The New York Times
May 25, 2008
CARACAS, Venezuela — Colombia’s defense minister revealed Saturday that officials were trying to corroborate an intelligence report claiming that Manuel Marulanda, the supreme leader of Colombia’s largest rebel group, died of natural causes in March.
If confirmed, the death of Mr. Marulanda, believed to be 76, would be a severe blow for the Revolutionary Armed Forces of Colombia, or FARC, a Marxist-inspired insurgency that has been waging a guerrilla war to overthrow Colombia’s government for more than four decades.
Defense Minister Juan Manuel Santos told Semana, the Colombian news magazine, that an intelligence source said Mr. Marulanda died of heart failure on March 26. Mr. Santos said officials were corroborating the report, adding that three bombing raids were carried out in the area where Mr. Marulanda was thought to be around that time.
“He must be in hell,” Mr. Santos of Mr. Marulanda.
Colombia’s government is taking a risk in divulging Mr. Marulanda’s supposed death. Indeed, the rebel leader has been reported killed numerous times since he took up arms as a teenager in an embryonic guerrilla movement in the late 1940s. Every report, including declarations in recent years that Mr. Marulanda had died of prostate cancer, was proven false.
Moreover, Colombia’s government stands to benefit from undercutting the FARC through revealing the unconfirmed intelligence, if only as a distraction from issues like a new scandal over the laptop computers of paramilitary warlords that went missing upon their extradition this month to the United States.
Other senior officials in Colombia welcomed the report of Mr. Marulanda’s death, though qualifying it as unconfirmed. “It is almost certain,” Vice President Francisco Santos told reporters on Saturday. “The source is very reliable,” he said.
If the report proves to be true, Mr. Marulanda’s death, on top of recent killings of other FARC leaders, would raise questions of leadership within the group. Mr. Santos said he believed Alfonso Cano, an intellectual who once led a clandestine political arm of the FARC, had replaced Mr. Marulanda.
The report is expected to reverberate throughout Colombia and Latin America. Born Pedro Antonio Marín to a peasant family in Colombia’s coffee-growing region, the guerrilla adopted the nom de guerre Manuel Marulanda Vélez in 1951 and later attained mythical status as the chief of Latin America’s most resilient insurgency.
Mr. Marulanda’s influence within the FARC was thought to be waning in recent years, but files recovered from the computers of a slain FARC commander in March revealed a firm grip by Mr. Marulanda on major strategic decisions. He signed his communiqués with the initials J. E., thought to stand for “jefe,” or Spanish for “boss.”
The debate is still raging over the authenticity of the recovered computer files, which referred to financial and military support for the FARC by Venezuela’s government, despite a report by Interpol this month saying that Colombian intelligence officials had not tampered with the archives.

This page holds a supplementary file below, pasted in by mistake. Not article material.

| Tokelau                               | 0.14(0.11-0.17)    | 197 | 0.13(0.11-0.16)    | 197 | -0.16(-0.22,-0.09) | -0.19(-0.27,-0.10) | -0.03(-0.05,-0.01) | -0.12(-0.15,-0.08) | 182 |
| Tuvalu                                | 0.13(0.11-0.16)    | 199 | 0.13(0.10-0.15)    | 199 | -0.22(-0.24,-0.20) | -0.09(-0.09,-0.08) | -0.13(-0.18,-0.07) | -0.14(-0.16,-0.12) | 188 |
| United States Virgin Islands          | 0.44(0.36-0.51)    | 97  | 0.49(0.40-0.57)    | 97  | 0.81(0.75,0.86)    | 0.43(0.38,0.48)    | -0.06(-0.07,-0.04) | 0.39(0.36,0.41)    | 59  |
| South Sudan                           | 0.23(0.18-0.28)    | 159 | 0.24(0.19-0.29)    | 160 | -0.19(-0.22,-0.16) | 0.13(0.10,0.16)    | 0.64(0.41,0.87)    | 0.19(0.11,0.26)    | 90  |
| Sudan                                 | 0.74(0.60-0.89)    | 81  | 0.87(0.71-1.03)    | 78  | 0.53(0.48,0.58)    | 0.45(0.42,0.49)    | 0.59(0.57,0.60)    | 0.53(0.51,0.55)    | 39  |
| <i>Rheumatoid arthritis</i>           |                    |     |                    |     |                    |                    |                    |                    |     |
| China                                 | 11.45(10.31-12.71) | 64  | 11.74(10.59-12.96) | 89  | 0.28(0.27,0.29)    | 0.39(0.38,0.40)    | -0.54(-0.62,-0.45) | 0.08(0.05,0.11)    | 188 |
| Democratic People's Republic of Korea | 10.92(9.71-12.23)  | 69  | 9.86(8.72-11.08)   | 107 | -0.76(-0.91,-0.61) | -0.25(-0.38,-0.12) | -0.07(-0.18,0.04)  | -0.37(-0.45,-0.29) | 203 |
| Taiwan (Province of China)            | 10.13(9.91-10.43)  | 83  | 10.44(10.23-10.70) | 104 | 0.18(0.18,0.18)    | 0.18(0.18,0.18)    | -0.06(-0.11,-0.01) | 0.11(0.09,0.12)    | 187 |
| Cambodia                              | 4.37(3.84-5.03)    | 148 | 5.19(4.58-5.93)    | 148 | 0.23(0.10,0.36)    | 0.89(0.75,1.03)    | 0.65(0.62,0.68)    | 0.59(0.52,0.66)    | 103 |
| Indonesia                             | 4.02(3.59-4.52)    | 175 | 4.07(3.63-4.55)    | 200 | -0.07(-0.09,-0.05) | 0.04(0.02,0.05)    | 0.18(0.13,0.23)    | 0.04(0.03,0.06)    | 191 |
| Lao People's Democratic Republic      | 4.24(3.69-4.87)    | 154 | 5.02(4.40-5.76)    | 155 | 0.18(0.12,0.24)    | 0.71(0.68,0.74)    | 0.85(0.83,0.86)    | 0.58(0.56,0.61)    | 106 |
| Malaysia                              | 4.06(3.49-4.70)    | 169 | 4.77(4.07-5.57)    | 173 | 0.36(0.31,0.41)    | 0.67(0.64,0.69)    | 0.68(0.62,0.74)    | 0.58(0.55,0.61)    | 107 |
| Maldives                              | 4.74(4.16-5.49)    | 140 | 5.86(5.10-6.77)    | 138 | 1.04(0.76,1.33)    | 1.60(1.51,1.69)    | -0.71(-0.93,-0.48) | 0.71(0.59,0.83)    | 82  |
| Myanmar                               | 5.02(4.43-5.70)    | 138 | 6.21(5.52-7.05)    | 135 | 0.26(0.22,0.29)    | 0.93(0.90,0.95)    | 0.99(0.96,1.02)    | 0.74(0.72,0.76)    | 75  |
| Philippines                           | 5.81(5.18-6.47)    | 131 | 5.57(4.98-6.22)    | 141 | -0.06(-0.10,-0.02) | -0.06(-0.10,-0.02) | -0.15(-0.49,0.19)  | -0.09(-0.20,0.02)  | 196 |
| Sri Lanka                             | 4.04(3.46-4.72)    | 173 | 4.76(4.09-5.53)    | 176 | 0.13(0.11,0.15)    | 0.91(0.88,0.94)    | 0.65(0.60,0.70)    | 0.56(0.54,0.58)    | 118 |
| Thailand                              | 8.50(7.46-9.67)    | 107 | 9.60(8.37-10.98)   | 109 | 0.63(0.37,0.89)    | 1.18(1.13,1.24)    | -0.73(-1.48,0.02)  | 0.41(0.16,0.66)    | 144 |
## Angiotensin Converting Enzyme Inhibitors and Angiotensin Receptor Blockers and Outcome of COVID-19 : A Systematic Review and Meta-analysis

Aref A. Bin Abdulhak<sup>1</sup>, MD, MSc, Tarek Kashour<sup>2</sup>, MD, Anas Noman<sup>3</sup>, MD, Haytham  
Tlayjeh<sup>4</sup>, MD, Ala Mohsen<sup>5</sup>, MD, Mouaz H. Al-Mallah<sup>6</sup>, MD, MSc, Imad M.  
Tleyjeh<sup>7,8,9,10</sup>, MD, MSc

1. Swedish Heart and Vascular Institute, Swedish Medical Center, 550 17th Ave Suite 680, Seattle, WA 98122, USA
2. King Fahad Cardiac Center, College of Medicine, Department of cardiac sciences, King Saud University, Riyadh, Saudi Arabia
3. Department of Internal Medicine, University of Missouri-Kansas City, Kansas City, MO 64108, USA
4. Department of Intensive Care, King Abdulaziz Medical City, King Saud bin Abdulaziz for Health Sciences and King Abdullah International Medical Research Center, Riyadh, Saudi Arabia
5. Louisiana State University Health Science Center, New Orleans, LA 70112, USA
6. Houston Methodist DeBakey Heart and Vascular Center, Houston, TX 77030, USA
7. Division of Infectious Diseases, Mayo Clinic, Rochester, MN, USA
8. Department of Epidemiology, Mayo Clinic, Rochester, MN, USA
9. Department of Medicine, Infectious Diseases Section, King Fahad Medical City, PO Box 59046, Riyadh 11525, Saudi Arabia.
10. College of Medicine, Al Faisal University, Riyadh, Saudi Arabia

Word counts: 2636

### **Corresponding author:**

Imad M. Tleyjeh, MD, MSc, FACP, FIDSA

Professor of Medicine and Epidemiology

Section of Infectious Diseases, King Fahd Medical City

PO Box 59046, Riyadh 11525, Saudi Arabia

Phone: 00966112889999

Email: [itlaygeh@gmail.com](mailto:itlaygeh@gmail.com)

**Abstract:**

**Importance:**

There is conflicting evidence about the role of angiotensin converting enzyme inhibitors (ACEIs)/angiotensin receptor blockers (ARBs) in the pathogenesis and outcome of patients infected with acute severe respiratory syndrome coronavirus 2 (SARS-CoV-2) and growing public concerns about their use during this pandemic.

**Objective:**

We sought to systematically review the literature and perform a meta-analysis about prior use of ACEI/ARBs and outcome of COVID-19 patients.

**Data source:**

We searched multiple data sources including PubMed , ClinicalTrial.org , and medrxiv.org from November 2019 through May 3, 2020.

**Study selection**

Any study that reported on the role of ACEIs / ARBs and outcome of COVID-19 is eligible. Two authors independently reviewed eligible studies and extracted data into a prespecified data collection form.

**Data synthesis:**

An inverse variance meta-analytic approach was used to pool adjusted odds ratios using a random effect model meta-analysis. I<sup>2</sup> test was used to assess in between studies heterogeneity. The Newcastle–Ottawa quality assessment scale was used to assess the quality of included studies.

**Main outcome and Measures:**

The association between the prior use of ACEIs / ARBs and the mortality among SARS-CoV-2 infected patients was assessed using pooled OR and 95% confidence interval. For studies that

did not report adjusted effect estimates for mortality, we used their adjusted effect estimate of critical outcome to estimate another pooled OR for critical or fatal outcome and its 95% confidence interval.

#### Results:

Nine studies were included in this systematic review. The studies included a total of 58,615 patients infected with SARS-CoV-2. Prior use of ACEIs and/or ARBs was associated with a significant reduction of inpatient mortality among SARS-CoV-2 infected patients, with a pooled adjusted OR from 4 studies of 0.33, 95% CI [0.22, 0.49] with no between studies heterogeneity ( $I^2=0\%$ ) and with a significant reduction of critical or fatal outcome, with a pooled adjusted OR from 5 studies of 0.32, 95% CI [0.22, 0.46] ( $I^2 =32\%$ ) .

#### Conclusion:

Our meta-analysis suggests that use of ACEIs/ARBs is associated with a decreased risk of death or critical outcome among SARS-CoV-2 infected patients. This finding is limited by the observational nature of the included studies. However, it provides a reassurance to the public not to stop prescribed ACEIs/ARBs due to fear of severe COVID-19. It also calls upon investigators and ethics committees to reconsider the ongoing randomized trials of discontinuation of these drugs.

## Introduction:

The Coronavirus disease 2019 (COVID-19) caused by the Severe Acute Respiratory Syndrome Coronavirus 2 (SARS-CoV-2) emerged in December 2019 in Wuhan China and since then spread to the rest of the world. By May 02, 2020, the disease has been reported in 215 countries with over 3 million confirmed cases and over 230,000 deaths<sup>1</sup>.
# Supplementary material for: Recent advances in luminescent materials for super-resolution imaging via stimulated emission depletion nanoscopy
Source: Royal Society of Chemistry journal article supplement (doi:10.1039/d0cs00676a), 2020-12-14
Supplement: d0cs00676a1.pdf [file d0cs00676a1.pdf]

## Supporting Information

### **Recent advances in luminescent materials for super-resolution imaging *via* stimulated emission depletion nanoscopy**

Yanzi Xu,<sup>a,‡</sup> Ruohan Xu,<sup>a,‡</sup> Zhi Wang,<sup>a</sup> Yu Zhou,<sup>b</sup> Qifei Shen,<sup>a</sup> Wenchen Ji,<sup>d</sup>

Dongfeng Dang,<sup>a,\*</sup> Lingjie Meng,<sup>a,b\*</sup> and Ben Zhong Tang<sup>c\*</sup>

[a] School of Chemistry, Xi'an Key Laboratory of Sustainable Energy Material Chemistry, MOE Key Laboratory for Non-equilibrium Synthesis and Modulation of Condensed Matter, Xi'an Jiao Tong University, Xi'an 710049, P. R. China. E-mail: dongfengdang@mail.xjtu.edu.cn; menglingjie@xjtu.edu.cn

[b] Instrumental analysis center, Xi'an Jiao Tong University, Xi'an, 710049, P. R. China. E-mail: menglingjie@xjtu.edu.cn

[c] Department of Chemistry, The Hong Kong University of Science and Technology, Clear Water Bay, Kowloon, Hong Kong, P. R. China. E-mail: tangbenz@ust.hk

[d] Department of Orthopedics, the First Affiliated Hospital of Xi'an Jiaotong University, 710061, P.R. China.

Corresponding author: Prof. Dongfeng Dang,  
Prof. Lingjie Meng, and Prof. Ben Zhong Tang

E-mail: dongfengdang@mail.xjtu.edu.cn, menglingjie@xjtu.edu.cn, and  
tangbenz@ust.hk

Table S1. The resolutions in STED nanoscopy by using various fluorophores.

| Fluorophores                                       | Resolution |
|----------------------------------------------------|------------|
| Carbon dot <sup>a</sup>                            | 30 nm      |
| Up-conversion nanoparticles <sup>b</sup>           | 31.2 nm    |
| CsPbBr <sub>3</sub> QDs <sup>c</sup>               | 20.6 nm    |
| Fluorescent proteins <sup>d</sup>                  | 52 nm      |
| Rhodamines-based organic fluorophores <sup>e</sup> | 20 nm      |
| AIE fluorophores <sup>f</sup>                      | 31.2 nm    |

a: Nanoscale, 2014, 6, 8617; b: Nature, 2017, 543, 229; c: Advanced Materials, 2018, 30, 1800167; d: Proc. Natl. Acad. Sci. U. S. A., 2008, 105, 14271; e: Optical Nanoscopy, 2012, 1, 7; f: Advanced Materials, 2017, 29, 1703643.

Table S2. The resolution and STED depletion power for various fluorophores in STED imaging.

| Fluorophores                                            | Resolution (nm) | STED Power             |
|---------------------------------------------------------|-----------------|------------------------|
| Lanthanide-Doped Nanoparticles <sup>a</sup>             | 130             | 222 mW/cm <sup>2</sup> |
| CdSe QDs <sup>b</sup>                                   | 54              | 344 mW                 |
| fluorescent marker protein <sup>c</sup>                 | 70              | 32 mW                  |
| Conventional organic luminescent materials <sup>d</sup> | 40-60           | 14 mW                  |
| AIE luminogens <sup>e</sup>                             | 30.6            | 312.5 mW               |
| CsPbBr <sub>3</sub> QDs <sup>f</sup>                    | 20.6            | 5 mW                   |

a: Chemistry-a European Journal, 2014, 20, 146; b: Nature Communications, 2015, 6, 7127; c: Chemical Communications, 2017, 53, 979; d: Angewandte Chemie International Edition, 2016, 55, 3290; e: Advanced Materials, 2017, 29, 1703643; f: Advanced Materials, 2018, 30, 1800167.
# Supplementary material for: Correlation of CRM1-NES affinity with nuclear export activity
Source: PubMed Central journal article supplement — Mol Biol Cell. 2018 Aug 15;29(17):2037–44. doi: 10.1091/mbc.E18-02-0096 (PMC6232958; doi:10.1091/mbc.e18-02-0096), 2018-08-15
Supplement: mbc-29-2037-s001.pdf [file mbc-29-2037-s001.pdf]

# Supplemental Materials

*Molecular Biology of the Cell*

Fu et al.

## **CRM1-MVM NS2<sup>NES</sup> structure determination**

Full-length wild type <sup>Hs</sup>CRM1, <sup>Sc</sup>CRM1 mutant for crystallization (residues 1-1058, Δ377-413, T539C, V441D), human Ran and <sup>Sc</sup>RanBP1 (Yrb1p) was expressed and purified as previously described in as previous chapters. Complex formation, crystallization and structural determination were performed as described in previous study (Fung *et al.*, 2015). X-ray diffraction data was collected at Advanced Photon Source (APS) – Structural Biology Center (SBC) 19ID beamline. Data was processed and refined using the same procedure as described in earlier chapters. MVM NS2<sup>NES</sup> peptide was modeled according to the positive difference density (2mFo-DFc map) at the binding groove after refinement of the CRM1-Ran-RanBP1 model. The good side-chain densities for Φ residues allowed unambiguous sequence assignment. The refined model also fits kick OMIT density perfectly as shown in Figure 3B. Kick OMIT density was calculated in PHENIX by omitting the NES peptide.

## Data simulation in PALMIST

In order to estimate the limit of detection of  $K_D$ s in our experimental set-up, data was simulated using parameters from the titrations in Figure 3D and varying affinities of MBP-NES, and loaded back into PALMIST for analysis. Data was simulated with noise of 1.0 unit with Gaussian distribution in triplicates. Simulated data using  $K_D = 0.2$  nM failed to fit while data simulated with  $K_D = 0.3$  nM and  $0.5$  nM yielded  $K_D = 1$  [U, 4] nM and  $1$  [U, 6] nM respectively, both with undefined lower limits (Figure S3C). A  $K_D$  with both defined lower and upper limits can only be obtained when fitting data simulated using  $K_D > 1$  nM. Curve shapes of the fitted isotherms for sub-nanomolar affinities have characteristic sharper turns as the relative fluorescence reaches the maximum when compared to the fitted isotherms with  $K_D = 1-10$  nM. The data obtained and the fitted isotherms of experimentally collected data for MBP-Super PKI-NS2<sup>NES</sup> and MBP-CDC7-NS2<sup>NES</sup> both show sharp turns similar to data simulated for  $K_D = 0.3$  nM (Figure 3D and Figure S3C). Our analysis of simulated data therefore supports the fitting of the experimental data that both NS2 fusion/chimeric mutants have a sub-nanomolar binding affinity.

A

In an interview with The New York Times in Bogotá in late March, Mr. Santos, the Colombian defense minister, said he believed Mr. Marulanda was still alive, shuttling between encampments in Guaviare, a region of thick jungle terrain in eastern Colombia.
“He does not sleep more than two or three days in the same place,” Mr. Santos said.
Since then, Colombian security forces have made significant inroads this year against the FARC, even if the rebel group, which has about 9,000 fighters according to the United States Southern Command, is far from defeated.
In March alone, for instance, Colombian forces killed Raúl Reyes, the FARC’s second-in-command, in a bombing raid on Ecuadorean soil. Later that month, an aide-de-camp killed Iván Ríos, another member of the FARC’s seven-member secretariat, offering Mr. Ríos’s severed hand as proof.
In previous months, two other top FARC leaders were killed in battle; these deaths were believed to weaken the FARC’s cocaine-trafficking operations, a main financing activity along with abductions for ransom. Then last week, Nelly Ávila Moreno, a senior FARC commander who went by the name Karina, surrendered.
Still, the FARC remains far from fading away. The rebel group is still believed to have in its control dozens of captives it considers prisoners of war, including Ingrid Betancourt, a former presidential candidate, and three American military contractors captured in 2003.
The FARC’s strength was illustrated Friday at a battle in a mountainous area of central Colombia in which five Colombian soldiers were killed. Colombia’s Army said five guerrillas were also killed.
But it would be impossible for anyone in the organization to attain the standing of Mr. Marulanda, who first tasted war in the late 1940s, before Marxism or cocaine or support from Cuba or Venezuela became part of Colombia’s insurgencies. At that time, two groups, Conservatives and Liberals, simply killed each other’s members in Colombia’s interior.
Mr. Marulanda, with the nickname of “Sureshot,” turned his contingent of Liberal guerrillas into the FARC in 1964, embracing Marxism and armed struggle. The FARC was thought to have more than 15,000 fighters at its height in the late 1990s; in the early years of this decade its attacks reached the heart of Bogotá.
But Mr. Marulanda told biographers he never knew city life. When photographed, he looked every bit the peasant turned guerrilla, often appearing with a small towel draped over his shoulder to dab drops of sweat in the steaming jungle. “I never went looking for war,” he once told an interviewer. “The war came looking for me.”
Jenny Carolina González contributed reporting from Bogotá, Colombia.